If you've logged onto Facebook in the past few days, you may have seen a viral video demonstrating how you can prepare the seed of an avocado for consumption. The video claims the seed is the most nutrient-dense part of the fruit, and that by drying it, chopping it up into pieces, and blending it, you are left with a powder-like substance that you can mix into smoothies or use for baking, adding an extra nutritional boost to your diet. The video has gained more than 25 million views since it was published on March 13.
So what's the deal? Have we been missing out on a highly nutritious part of one of our favorite superfoods?
Not so much, says Health's contributing nutrition editor, Cynthia Sass, MPH, RD. "I'm a huge avocado fan. I eat them daily, and recommend them to my clients, but I have reservations about eating the seeds," she says. "While there is some research about beneficial compounds in the seed, the safety of ingesting it hasn't been established, so the risks versus benefits aren't fully known."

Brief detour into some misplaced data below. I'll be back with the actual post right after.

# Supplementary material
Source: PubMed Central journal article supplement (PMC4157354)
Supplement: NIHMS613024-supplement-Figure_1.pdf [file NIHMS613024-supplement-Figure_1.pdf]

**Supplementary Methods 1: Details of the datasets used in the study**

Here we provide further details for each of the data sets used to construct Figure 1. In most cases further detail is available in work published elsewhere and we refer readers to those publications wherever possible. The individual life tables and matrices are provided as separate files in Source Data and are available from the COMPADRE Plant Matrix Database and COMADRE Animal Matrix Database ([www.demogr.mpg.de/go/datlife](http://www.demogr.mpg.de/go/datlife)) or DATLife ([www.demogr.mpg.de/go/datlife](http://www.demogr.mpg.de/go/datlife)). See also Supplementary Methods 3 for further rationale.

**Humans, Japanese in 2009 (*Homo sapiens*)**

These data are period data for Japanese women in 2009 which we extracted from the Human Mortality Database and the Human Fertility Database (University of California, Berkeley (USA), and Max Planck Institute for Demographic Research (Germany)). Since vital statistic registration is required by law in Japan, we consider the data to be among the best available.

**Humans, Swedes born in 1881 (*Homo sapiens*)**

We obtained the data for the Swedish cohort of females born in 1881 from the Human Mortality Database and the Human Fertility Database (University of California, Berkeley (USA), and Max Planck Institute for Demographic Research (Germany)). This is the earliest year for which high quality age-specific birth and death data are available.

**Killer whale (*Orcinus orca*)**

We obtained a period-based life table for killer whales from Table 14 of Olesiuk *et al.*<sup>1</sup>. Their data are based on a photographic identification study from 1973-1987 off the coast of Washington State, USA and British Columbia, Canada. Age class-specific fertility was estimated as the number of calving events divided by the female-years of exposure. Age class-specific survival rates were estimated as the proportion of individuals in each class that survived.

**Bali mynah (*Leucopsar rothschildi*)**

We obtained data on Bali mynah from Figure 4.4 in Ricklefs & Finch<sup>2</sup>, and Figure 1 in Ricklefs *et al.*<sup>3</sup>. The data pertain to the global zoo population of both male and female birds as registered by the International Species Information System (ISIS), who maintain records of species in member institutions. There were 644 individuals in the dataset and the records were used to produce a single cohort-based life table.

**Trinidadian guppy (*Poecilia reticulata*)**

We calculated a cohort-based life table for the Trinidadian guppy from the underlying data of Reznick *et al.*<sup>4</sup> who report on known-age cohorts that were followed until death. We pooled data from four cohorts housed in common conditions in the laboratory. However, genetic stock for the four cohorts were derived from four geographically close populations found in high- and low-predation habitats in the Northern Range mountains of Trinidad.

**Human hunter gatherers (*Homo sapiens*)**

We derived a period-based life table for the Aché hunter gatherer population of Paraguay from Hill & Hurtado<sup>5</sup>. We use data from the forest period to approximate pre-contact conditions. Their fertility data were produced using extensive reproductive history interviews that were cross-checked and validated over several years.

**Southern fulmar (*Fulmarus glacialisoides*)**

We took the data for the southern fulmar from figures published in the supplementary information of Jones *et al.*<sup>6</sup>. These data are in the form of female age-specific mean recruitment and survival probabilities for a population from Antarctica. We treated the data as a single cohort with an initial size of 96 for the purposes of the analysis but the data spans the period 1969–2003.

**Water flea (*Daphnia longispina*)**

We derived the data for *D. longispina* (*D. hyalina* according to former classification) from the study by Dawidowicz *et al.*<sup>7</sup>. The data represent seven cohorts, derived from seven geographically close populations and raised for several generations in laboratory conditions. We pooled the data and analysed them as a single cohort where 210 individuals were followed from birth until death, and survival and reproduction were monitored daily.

The research on avocado seed consumption is very limited. In the studies that do exist, scientists conclude that additional research needs to be done to determine whether it's safe or beneficial to eat them. Additionally, the existing studies have focused on the potential benefits of avocado seed extracts, rather than the consumption of the seed itself, and they provide information only on lab testing, not on clinical data.
"There is a body of evidence exploring potential health benefits in extracts of the avocado seed, but these potential benefits versus risks of eating the avocado seed are not well fleshed out," says Marisa Moore, MBA, RDN, LDN, an Atlanta-based nutritionist.
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Even the California Avocado Commission writes on its website that it does not recommend the consumption of the avocado pit: "The seed of an avocado contains elements that are not intended for human consumption."
The bottom line: Until more research is done to establish if the seeds are safe to eat, and how much and how often you should eat them, stick to eating the avocado's creamy flesh. "It's chock-full of good fat, vitamins, minerals, antioxidants, and fiber," says Sass.